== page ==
It is the love to God and the godly love to men that keeps him away from the “slough of despondency” when it seems that his seed has been cast upon the trodden path and stony fields and has taken no root in anyone’s heart, tempting him to believe his strenuous efforts were in vain. It will preserve him from the promised oppression and will cause endurance, boldness, and even joy in the face of persecution. Though abuse will be aimed directly at the evangelist’s body and soul designed for maximum grief and pain, it will not hinder him from going forward to face this scorn and reproach.[1]

It is also because of the love of man that will cause the servant of Christ to face these bitter situations with confidence and strength.

This love toward man is a different kind of love that is commonly understood within the general realm of humanity. There certainly may be a kind of civil goodness that unbelievers extend to one another, and it may be characterized by a “common grace” kind of love. After all, Jonathan Edwards notes that love disposes men to exercise all favorable duties toward his neighbor.

Instead of seeking their harm, you seek justice for them. Instead of strife and contention, peace and friendship is desired. Instead of fraud and deceit, truth. Instead of arrogant competition, it will be met with humility and a seeking of their good reputation. It disposes men “to all acts of mercy toward their neighbours.”[2] To some degree, these are the kinds of activities that can be observed on the surface of all walks of life, believers and unbelievers alike.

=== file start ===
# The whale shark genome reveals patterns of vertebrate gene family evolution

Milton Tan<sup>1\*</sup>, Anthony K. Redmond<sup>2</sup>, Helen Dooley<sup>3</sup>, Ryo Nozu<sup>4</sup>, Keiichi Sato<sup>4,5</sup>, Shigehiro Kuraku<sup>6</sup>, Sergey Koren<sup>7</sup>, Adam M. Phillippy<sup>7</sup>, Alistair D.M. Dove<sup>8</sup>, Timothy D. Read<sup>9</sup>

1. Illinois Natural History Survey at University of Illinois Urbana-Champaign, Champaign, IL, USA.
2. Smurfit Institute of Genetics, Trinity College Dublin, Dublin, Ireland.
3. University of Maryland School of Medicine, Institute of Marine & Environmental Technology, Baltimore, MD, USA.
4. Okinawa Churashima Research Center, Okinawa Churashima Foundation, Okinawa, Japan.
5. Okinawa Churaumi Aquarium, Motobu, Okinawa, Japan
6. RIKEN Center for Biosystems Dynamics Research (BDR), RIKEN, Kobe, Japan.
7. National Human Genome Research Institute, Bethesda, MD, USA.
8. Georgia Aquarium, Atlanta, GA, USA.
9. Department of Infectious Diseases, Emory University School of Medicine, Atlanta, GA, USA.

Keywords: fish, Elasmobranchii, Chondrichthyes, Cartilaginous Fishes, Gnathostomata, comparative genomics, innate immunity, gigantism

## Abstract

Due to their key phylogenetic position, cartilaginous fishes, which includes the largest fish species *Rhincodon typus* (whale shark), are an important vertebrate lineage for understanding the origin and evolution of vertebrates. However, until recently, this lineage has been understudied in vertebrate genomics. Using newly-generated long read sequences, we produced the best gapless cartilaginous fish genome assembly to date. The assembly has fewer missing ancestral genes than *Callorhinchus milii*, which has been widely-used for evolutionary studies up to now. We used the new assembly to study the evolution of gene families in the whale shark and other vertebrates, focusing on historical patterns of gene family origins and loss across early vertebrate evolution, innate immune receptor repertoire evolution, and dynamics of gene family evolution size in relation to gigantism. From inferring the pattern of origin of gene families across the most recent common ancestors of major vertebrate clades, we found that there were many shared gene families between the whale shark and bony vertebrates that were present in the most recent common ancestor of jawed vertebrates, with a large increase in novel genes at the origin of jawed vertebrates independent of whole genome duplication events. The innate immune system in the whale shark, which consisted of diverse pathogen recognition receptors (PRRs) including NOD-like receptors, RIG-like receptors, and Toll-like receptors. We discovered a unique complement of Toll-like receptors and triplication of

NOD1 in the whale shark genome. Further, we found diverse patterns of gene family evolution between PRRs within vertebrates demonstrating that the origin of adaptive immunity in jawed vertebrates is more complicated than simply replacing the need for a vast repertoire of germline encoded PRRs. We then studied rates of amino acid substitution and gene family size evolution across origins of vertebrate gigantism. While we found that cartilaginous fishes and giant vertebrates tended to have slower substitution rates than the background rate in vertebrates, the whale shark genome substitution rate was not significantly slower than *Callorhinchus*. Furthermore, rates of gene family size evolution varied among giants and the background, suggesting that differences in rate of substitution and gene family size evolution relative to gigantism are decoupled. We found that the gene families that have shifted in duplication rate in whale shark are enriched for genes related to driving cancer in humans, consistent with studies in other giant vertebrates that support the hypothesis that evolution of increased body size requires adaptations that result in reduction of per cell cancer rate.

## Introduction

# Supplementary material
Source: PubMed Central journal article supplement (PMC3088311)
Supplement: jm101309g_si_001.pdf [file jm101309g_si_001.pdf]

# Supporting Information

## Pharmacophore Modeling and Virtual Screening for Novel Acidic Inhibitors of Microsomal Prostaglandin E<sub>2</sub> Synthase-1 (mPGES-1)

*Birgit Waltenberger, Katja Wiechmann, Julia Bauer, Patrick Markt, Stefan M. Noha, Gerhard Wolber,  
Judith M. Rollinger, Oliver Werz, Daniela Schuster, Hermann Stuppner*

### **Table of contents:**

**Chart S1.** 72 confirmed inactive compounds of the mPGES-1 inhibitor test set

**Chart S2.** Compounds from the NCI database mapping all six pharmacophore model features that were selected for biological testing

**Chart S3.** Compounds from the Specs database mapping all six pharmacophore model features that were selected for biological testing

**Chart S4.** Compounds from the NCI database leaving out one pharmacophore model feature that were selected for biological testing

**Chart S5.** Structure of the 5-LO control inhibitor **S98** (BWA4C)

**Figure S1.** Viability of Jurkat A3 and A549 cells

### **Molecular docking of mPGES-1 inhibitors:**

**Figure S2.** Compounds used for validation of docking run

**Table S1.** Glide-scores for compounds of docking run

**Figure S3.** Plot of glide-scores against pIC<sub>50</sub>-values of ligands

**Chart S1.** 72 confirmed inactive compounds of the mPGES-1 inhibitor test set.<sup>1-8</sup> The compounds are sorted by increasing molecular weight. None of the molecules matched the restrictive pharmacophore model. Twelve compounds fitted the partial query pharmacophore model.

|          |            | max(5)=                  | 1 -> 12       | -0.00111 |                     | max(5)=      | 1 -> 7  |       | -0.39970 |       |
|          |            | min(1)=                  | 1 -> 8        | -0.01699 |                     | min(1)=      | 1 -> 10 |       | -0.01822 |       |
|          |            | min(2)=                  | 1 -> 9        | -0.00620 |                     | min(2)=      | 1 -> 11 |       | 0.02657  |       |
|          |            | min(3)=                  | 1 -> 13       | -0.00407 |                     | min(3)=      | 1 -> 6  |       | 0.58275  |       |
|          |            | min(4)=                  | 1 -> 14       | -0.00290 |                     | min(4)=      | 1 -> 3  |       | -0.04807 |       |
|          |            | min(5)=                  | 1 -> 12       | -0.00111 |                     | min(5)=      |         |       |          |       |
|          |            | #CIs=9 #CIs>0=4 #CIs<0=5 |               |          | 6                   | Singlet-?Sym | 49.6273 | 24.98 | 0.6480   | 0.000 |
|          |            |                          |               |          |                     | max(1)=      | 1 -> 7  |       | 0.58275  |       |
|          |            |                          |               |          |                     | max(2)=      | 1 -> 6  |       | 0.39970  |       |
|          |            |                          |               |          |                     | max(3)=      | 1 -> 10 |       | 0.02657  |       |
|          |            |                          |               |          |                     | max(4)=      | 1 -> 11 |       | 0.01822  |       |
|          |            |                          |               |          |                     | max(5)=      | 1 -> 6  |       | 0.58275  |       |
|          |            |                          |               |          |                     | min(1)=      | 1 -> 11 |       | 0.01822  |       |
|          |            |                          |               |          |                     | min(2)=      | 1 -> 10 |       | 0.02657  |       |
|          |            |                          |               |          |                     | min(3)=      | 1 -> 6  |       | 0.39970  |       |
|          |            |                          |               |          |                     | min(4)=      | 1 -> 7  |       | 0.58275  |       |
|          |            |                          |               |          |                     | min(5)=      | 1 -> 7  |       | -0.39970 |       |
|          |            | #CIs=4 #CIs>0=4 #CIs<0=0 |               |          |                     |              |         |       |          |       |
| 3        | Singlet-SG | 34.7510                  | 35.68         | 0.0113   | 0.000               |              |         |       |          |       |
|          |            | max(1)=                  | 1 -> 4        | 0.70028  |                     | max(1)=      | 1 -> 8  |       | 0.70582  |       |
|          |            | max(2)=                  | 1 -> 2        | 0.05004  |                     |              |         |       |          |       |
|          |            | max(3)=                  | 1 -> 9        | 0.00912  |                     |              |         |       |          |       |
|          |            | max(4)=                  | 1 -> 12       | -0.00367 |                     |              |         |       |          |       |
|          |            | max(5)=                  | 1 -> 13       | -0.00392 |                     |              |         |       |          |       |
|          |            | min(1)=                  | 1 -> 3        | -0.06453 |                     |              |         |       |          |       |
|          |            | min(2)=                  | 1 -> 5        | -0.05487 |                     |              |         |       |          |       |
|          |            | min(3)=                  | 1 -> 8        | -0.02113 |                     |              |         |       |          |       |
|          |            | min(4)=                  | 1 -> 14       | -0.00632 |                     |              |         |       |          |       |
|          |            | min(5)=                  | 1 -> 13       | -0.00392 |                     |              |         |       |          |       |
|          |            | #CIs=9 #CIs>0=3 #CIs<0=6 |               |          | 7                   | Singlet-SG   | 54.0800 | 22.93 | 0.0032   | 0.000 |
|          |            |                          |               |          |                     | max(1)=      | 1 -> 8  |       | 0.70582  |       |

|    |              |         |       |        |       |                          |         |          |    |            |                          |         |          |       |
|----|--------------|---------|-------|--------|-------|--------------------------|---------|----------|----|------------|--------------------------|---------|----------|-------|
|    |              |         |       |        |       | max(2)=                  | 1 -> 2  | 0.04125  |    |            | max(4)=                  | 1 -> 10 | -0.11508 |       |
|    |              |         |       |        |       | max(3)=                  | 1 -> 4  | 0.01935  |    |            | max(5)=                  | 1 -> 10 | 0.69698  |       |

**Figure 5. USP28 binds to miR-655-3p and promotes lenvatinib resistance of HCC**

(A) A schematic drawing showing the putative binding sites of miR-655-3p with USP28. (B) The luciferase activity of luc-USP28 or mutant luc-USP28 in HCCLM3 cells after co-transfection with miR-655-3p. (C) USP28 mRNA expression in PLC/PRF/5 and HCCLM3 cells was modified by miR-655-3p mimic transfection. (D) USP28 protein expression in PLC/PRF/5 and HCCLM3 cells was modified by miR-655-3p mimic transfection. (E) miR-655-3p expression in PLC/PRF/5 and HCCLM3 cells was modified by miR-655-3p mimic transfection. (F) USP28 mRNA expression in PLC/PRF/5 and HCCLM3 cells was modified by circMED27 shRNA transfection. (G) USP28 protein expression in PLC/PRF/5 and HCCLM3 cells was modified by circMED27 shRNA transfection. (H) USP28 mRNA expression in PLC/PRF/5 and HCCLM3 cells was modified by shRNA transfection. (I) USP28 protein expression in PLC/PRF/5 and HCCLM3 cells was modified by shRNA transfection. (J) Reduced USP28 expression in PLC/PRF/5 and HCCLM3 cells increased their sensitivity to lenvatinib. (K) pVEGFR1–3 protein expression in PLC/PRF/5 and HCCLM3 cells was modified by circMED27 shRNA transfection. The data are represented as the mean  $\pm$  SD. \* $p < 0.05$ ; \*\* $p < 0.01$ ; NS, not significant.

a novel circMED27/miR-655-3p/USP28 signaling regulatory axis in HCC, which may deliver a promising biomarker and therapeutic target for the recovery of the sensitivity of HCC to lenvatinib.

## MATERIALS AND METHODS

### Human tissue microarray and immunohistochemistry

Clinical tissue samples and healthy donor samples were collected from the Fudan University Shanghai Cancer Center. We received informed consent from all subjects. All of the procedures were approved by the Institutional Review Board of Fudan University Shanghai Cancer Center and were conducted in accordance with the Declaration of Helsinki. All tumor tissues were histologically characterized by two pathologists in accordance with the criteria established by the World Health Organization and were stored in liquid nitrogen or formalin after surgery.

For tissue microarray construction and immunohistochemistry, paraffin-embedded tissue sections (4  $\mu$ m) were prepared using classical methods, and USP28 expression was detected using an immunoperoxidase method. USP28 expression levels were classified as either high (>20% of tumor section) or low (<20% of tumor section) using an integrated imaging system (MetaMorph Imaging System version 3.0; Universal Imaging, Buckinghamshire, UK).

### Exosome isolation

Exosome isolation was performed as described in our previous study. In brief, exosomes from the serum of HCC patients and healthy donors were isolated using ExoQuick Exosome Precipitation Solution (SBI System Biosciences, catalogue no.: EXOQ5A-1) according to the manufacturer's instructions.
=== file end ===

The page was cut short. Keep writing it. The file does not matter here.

However, Kuiper would have us know that there is a difference between the love that God graciously grants to preserve the common population of mankind and the love that is a fruit of saving grace.[3] Though it is possible for the unregenerate person to love another in a common way, it is a love that only goes so far. It seeks merely the temporal and material good of man and has no concern for their eternal wellbeing. It is divorced from the love of God and co-exists with the hate of God in unbelief.

Through the common grace love, it is easy to love those that love back, but it will not incline a man to love those that seek his destruction for his love to God. Because of this, it is wholly deficient and is no true love to their neighbor.[4]

Galatians 6:10 says that we are to seek the good of all men, including the good of our enemies. Since the natural love to our fellow man will drive us to help them in their times of material and emotional need, then consider how much more needful they are of spiritual good, so what better good is there than to seek their salvation by sharing the work of Christ? “Insofar as we really love our neighbors as ourselves, we shall of necessity want him to enjoy the salvation which is so precious to us.”[5]

When Christian love is rightly exercised, all expressions of it are from the same motives. It is because of the Christian’s spiritual regeneration that he begins to love God rightly, for His holiness, and so people are loved for holiness’s sake because they bear the image of God.[6] True Christian love toward their fellow man will not stop at one’s material wellbeing, but it will have their eternal wellbeing in view. It will seek to glorify God by seeking to make them glorifiers of God on earth.

Part of the nature of true conversion is that the one who has been renewed to love God is increasingly conformed to Christ’s likeness through the instrument of the Holy Spirit’s sanctification. Part of the character of Christ is that He has loved men and died for them even while they were His enemies, giving us a true example of what it means to love our neighbor as ourselves.

This same quality is to be in His servants. Just as it would be natural and expected for a family member or friend to rise quickly to share something that would greatly affect those he loves, so it should be the same for the believers, whose situations have been affected eternally for the better, to readily express their love and concern for all their neighbors’ eternal wellbeing by sharing the gospel of Christ.[7]

apathy 2

It is unbecoming of Christian love to have an attitude of leaving the world to their own devices.